CDC's line up to buy foreclosed properties
Boston's community development corporations (CDCs) were on the forefront of rejuvenating city neighborhoods in the 1970s, 80s, and 90s, and the push is on to innovate new tactics to address the foreclosure crisis.
Dorchester and Mattapan's CDCs are gearing up to take advantage of millions of dollars in new federal funding designated for turning foreclosed properties into rentals and affordable home-ownership opportunities, and the challenges are many.
On Hendry Street, Boston's poster-neighborhood for the foreclosure crisis, the city turned down the Dorchester Bay Economic Development Corporation, a CDC, and awarded Bilt-Rite Construction, a private developer, the right to redevelop and sell four three-deckers to owner-occupants. The lost opportunity for Dorchester Bay highlighted the competition CDC's will face from the private sector as they move into the foreclosure rehab arena.
But in the last six months or so Dorchester Bay, as well as Codman Square NDC, Nuestra Communidad, Mattapan CDC and others have been meeting with the Department of Neighborhood Development to stake out territory and describe their goals for rehabbing the foreclosed and bank-owned properties.
The CDCs proposals are expected as early as this week.
"We're just starting now to go look at some properties," said Spencer DeShields, executive director of Mattapan CDC. "We have a foreclosure initiative so we don't end up with blighted neighborhoods."
The U.S. Department of Housing and Urban Development recently doled out $54.8 million to the state to address the foreclosed properties, with $4.2 million for Boston and $43.4 million directly to the state to be sent to the areas most in need. Earlier this year, the Massachusetts Housing Investment Corp. and the quasi-public Mass. Housing Partnership also designated $17 million for such projects.
The city's Department of Neighborhood Development wants to help streamline the way in which the federal money will be used by giving a 'rubber stamp' to the game plans each CDC proposes. This way, the non-profits can avoid going through lengthy applications to fund each individual house they buy and other funders will know that DND backs the CDCs' general plans. This pre-approval of sorts will also help secure funding in a timely fashion.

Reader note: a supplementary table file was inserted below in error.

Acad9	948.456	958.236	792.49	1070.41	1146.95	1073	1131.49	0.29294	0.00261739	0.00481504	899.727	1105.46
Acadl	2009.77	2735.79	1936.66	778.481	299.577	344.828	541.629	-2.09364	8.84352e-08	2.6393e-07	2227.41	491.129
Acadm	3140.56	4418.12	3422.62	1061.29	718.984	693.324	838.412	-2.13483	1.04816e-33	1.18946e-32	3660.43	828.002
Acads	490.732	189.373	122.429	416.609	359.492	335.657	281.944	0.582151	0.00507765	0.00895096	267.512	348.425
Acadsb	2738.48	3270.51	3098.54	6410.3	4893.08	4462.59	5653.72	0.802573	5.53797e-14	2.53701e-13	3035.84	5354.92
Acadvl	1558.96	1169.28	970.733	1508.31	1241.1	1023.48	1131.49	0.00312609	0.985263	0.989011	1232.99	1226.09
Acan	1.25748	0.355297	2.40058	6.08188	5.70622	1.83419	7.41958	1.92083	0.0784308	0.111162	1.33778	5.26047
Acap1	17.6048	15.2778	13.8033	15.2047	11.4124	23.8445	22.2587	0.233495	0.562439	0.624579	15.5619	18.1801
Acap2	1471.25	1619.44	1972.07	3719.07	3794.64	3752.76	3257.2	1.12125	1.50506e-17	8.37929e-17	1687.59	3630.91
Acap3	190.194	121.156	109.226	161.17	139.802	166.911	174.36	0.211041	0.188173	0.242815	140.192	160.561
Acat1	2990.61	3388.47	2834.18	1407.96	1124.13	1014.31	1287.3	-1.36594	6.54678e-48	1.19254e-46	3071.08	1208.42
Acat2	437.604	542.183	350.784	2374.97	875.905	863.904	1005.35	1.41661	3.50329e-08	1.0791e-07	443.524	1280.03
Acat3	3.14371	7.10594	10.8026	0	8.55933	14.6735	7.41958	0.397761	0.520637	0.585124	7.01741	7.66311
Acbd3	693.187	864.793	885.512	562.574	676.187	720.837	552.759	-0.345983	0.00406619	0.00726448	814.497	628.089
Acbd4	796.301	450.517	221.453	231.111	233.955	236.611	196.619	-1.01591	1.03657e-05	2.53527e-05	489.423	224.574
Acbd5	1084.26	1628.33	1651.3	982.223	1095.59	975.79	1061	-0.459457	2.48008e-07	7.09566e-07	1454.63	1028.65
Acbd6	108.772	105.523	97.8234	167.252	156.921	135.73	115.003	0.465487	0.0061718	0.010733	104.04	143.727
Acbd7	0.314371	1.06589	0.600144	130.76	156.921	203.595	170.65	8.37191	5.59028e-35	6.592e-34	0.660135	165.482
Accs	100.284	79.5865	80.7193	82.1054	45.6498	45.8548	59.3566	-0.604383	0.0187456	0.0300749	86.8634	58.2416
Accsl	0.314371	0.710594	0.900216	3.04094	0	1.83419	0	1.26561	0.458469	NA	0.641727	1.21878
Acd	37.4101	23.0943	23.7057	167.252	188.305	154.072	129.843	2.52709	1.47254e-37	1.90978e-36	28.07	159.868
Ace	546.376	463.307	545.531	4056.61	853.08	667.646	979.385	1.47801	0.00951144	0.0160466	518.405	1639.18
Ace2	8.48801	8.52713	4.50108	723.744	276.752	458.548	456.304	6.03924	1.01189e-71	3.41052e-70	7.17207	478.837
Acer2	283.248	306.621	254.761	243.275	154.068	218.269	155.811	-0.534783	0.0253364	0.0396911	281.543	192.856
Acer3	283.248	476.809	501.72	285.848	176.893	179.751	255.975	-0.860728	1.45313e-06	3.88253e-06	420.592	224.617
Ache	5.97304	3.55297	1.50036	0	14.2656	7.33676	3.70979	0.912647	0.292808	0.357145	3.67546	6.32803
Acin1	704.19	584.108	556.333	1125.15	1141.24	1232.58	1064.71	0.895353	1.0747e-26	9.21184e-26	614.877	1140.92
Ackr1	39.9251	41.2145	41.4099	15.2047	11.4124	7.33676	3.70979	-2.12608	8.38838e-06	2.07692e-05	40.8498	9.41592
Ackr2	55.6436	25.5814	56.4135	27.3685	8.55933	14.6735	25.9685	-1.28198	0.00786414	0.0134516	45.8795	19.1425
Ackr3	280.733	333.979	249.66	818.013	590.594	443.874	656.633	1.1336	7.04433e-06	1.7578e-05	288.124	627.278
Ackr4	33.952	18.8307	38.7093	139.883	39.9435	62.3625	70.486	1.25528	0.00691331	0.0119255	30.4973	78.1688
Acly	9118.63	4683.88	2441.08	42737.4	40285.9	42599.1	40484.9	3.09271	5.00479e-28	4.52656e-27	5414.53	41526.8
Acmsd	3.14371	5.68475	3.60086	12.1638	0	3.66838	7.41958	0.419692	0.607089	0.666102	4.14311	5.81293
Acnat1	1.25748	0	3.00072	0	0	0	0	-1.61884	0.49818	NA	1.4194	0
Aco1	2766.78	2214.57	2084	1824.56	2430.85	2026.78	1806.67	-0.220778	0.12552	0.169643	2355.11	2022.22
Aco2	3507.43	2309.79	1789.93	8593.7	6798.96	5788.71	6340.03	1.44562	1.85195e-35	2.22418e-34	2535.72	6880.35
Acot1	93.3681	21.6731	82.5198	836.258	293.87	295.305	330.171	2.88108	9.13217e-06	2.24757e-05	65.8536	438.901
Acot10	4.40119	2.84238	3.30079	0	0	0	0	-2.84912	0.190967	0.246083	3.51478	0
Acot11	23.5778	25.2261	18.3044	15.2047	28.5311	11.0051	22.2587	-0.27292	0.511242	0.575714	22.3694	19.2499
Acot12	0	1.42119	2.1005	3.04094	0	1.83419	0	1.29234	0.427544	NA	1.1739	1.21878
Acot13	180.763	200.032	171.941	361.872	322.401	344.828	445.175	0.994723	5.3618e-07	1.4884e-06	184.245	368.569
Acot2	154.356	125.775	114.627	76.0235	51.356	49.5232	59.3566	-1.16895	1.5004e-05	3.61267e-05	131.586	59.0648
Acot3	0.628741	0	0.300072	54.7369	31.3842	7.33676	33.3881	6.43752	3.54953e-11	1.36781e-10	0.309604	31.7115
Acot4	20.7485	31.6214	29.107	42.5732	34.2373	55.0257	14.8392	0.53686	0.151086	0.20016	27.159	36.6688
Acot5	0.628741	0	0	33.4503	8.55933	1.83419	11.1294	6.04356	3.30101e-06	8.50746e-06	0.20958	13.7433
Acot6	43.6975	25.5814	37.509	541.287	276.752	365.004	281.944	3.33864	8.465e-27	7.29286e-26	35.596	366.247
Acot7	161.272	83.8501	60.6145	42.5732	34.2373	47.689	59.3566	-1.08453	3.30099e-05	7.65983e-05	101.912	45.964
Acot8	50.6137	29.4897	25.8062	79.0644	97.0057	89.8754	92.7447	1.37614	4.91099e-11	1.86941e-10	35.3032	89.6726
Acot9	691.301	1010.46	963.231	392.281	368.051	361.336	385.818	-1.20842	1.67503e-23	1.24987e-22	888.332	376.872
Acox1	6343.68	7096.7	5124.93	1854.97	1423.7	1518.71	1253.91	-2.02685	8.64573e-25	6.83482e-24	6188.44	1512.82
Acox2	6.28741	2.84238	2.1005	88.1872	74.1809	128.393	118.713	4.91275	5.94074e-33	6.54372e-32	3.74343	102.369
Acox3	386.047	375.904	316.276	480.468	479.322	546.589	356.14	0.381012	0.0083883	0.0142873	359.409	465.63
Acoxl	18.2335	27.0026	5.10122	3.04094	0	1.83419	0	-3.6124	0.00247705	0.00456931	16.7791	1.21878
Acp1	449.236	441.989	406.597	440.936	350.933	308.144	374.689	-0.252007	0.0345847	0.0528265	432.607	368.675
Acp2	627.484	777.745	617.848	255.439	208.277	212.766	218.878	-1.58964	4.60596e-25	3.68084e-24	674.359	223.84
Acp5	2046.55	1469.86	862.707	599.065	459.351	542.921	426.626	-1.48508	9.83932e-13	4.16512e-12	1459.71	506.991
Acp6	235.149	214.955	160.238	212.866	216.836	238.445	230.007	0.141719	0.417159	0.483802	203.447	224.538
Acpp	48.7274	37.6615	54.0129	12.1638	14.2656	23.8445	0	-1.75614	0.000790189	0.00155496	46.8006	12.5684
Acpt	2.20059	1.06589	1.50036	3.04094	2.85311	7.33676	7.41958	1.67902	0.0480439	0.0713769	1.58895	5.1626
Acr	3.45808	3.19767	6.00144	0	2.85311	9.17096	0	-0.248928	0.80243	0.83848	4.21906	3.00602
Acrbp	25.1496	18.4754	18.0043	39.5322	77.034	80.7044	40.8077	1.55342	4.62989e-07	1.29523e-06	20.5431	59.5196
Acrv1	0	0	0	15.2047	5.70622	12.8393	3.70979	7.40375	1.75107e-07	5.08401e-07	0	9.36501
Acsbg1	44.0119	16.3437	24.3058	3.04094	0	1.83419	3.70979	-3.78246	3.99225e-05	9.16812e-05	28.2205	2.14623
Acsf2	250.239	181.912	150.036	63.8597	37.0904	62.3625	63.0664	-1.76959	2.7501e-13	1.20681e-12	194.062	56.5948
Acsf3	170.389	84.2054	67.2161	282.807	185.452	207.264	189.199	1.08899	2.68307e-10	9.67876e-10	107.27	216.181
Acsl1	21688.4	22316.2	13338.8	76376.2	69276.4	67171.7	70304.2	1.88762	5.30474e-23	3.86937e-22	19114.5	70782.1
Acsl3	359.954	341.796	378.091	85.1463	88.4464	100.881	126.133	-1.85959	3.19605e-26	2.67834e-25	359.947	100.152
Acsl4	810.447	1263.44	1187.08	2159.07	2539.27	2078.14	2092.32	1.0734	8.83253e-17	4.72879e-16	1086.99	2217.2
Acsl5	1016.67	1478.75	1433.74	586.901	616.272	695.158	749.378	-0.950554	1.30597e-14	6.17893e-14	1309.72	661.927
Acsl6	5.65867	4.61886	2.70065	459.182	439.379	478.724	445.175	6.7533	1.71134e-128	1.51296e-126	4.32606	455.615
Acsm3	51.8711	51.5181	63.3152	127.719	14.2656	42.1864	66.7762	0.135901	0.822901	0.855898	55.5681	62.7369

To aid the process, the city may even help CDCs and other groups, such as Habitat for Humanity, negotiate with the banks that own foreclosed properties, said Evelyn Friedman, director of DND.
"The city is hoping that most of this stuff would go back to homeownership," said Friedman. "But we recognize because of the current climate for buyers that some of the property will be held as rental property."
Despite the low prices some properties are going for in certain areas of Dorchester, Friedman said rehabbing them would not likely be a windfall for CDCs. Because the amount of documentation CDCs must produce to satisfy their federal, state and city funders, and the difficulty of managing many small properties instead of large multi-unit buildings, they may be lucky to just break even.
"They'll be looking at the long-term for their neighborhoods," she said.
As the proposals from the CDCs roll in this month, so will regulations on how the HUD money can be used. The city will then have 18 months to spend it.
Over 1000 foreclosure deeds have been recorded in Boston so far this year, according to the Suffolk Registry of Deeds, nearly double the amount for the same period in 2007.